No landlord ever wants the tenancy to end in eviction. It’s not fun, it’s time consuming, and it’s potentially expensive compared to just getting the tenants to vacate so that a new tenant can be found. However, if you’re a landlord in Florida and find that you have grounds to evict a tenant make sure to follow the law and do not initiate a “self-help eviction”.
What Is Self-help Eviction?
Essentially, a self-help eviction is the often not-so-subtle methods used to try to force a tenant to vacate the premises. The following prohibited practices are outlined in Florida Statute § 83.67:
- directly or indirectly interrupting or terminating utilities to the unit
- preventing the tenant from gaining access to the unit, including by changing locks or using a bootlock device
- removing doors, locks, or windows
- removing tenant’s personal property from the unit
Penalties for a Self-help Eviction
The penalties for engaging in one or more of the prohibited practices are steep. A landlord is liable to the tenant for actual and consequential damages or three months’ rent, whichever is greater, and costs, including attorney’s fees. Subsequent or repeated violations are also subject to separate awards of damages.
When and How Can I Evict?
If a tenant fails in their obligation to maintain the dwelling unit, or violates a material provision of the rental agreement, other than a failure to pay rent or abide by reasonable rules or regulations, then the landlord may deliver a notice to evict. It’s important to note that the noncompliance must be either something that the tenant should not be given an opportunity to fix or it must be something that tenant has done repeatedly over the previous 12 months and was given an opportunity to remedy. As stated in the statute, examples of noncompliance that the tenant should not be given an opportunity to remedy are intentional acts of destruction, damage or misuse of the landlord’s or other tenant’s property.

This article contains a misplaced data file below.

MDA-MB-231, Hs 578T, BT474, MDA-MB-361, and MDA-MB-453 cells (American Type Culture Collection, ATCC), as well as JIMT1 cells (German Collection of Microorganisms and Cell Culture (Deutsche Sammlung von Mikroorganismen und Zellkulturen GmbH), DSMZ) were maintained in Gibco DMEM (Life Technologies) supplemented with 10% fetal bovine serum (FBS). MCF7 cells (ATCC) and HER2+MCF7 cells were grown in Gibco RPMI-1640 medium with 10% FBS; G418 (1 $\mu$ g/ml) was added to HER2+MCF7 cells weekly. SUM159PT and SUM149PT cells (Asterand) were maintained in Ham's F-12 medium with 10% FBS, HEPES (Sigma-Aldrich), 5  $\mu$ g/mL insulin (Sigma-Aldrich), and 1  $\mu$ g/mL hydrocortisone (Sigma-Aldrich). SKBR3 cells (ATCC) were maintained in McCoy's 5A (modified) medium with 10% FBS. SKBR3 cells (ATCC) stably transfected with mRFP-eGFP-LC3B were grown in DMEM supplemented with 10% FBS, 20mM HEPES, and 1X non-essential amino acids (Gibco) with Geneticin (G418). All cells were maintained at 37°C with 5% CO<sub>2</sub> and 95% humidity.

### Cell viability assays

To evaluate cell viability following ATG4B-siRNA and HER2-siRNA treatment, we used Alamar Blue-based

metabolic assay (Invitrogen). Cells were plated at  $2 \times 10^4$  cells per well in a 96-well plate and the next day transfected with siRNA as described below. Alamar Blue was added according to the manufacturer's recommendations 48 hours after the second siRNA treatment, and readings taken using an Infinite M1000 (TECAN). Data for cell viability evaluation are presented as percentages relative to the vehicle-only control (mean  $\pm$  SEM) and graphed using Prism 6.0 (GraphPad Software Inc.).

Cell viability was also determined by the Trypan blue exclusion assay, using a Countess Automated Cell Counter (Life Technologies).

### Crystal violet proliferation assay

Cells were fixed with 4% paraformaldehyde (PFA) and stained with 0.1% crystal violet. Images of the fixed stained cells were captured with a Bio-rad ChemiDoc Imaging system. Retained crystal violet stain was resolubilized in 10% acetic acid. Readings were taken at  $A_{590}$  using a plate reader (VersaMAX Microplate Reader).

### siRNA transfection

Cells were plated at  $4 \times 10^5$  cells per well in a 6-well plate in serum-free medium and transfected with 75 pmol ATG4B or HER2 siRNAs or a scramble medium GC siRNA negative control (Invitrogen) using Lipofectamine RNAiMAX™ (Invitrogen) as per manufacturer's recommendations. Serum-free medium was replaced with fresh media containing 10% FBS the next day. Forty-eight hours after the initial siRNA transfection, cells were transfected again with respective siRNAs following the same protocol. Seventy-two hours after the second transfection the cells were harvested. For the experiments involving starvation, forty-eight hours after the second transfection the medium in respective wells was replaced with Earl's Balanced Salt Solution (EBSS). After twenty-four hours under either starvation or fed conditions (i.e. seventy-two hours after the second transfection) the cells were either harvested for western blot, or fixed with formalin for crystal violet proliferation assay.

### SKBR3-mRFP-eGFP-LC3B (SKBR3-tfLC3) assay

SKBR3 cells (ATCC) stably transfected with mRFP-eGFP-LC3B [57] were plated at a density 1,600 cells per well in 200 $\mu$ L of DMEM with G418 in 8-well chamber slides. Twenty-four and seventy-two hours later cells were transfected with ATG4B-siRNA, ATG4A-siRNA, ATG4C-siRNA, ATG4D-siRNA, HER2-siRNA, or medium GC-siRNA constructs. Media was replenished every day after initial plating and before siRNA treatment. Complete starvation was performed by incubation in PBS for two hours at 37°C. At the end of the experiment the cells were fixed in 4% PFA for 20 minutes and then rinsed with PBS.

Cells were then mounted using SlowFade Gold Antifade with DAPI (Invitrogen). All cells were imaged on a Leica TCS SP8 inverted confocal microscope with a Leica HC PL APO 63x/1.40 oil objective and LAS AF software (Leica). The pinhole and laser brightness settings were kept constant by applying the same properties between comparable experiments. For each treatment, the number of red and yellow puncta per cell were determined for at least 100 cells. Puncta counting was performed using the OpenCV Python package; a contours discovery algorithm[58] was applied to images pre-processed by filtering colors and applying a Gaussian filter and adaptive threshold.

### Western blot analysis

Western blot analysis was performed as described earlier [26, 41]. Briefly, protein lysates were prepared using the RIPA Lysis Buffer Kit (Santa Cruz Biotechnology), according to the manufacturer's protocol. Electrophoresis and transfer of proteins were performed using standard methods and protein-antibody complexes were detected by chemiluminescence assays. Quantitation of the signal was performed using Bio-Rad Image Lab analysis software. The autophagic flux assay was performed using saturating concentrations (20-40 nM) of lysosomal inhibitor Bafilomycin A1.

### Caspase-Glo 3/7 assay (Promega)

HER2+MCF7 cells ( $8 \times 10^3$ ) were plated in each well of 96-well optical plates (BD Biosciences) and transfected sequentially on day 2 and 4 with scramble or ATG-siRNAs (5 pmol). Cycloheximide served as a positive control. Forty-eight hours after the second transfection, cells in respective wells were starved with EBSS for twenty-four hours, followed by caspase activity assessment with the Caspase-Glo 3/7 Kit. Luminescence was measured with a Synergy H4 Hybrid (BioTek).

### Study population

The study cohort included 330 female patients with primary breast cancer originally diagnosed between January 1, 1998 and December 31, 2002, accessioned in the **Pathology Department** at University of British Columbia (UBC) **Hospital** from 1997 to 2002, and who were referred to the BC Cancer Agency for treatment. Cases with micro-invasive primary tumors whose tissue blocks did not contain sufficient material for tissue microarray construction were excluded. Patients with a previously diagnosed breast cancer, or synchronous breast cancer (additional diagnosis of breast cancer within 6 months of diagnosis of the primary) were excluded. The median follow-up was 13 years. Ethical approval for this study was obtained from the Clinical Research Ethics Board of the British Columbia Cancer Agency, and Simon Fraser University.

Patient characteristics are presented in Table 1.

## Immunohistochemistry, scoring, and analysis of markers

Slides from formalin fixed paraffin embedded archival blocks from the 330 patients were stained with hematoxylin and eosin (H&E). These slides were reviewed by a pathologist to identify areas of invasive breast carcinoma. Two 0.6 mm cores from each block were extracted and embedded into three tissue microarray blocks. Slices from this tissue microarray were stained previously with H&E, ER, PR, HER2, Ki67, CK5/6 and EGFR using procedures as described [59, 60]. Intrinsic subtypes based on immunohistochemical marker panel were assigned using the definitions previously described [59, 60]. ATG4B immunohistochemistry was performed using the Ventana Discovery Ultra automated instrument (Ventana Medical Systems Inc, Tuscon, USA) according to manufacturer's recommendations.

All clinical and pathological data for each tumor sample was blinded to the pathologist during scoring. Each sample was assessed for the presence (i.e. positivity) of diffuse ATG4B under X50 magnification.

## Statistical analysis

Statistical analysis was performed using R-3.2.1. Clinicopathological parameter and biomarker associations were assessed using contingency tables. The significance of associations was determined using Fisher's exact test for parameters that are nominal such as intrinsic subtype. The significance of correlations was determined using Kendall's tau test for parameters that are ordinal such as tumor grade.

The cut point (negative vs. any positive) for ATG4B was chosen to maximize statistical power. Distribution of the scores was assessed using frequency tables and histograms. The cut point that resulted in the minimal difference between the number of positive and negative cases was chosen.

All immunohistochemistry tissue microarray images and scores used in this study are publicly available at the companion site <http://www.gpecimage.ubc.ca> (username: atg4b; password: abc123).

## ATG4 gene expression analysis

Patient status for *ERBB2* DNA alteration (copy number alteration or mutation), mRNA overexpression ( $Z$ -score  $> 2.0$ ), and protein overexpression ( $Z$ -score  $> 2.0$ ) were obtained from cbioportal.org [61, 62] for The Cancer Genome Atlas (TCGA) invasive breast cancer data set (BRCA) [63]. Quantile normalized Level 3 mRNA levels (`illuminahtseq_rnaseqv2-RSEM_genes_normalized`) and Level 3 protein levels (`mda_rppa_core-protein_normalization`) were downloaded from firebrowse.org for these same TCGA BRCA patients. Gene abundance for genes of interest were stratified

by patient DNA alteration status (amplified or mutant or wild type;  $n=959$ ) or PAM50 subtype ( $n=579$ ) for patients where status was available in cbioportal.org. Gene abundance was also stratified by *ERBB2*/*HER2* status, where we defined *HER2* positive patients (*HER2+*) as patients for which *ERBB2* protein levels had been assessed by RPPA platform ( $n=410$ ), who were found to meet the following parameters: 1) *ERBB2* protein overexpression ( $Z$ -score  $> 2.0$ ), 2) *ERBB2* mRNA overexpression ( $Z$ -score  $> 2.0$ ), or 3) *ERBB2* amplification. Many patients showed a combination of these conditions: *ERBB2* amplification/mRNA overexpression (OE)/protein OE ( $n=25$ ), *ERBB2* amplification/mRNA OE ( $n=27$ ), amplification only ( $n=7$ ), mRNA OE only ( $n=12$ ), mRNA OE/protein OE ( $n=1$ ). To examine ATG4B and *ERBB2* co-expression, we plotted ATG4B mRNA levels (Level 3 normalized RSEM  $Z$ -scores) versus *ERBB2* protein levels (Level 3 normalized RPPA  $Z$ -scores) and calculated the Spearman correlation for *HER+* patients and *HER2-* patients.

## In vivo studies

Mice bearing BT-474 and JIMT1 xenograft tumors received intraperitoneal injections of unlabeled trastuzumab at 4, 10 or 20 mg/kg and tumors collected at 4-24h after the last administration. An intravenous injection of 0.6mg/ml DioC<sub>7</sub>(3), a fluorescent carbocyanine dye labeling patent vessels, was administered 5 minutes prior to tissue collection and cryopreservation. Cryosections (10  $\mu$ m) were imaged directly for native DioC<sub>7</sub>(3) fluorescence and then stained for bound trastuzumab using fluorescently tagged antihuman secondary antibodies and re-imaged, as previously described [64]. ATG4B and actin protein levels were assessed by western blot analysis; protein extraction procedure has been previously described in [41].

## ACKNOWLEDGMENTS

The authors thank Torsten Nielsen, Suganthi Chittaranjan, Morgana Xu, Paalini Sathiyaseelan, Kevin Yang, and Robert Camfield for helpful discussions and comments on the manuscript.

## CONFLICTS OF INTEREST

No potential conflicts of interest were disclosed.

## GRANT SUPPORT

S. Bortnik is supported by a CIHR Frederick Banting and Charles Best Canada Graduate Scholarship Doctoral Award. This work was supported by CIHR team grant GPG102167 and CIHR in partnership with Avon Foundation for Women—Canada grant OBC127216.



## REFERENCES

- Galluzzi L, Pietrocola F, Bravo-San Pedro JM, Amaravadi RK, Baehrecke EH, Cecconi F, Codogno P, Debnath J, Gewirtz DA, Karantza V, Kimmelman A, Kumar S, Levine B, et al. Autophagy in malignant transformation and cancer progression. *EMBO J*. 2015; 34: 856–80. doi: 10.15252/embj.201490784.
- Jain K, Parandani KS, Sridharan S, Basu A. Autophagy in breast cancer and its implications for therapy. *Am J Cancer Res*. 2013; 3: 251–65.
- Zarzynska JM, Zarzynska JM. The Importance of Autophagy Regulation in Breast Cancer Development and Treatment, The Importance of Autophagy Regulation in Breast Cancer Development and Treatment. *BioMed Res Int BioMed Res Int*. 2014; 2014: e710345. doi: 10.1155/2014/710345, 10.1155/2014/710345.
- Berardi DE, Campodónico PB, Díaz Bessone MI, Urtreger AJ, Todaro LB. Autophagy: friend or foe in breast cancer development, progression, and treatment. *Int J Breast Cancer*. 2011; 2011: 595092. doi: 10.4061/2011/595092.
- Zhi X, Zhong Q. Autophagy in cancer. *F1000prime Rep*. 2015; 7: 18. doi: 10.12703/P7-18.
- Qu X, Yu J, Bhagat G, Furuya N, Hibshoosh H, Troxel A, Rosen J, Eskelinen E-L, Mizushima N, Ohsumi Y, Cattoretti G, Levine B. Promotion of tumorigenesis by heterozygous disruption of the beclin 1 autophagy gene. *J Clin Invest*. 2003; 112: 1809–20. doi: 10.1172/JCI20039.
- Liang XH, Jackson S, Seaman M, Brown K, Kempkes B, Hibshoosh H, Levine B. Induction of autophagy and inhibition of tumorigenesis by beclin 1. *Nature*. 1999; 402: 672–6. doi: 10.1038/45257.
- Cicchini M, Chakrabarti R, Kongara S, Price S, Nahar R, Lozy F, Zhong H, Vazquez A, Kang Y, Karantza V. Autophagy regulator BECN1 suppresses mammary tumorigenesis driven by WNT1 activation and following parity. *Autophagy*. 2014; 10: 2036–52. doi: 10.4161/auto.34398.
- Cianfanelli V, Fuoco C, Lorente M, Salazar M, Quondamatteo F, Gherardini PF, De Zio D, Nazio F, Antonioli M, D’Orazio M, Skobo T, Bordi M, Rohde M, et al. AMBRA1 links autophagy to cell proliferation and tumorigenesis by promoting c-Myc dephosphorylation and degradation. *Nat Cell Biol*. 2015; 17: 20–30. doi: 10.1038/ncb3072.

The landlord would deliver a written notice to the tenant specifying the noncompliance and the landlord’s intent to terminate the rental agreement for that reason. The notice must contain some specific language, which is also outlined in the statute, and the tenant then has seven days from the date that the notice is delivered to vacate the premises. Remember to document everything, including the use of photos as proof of any physical damage.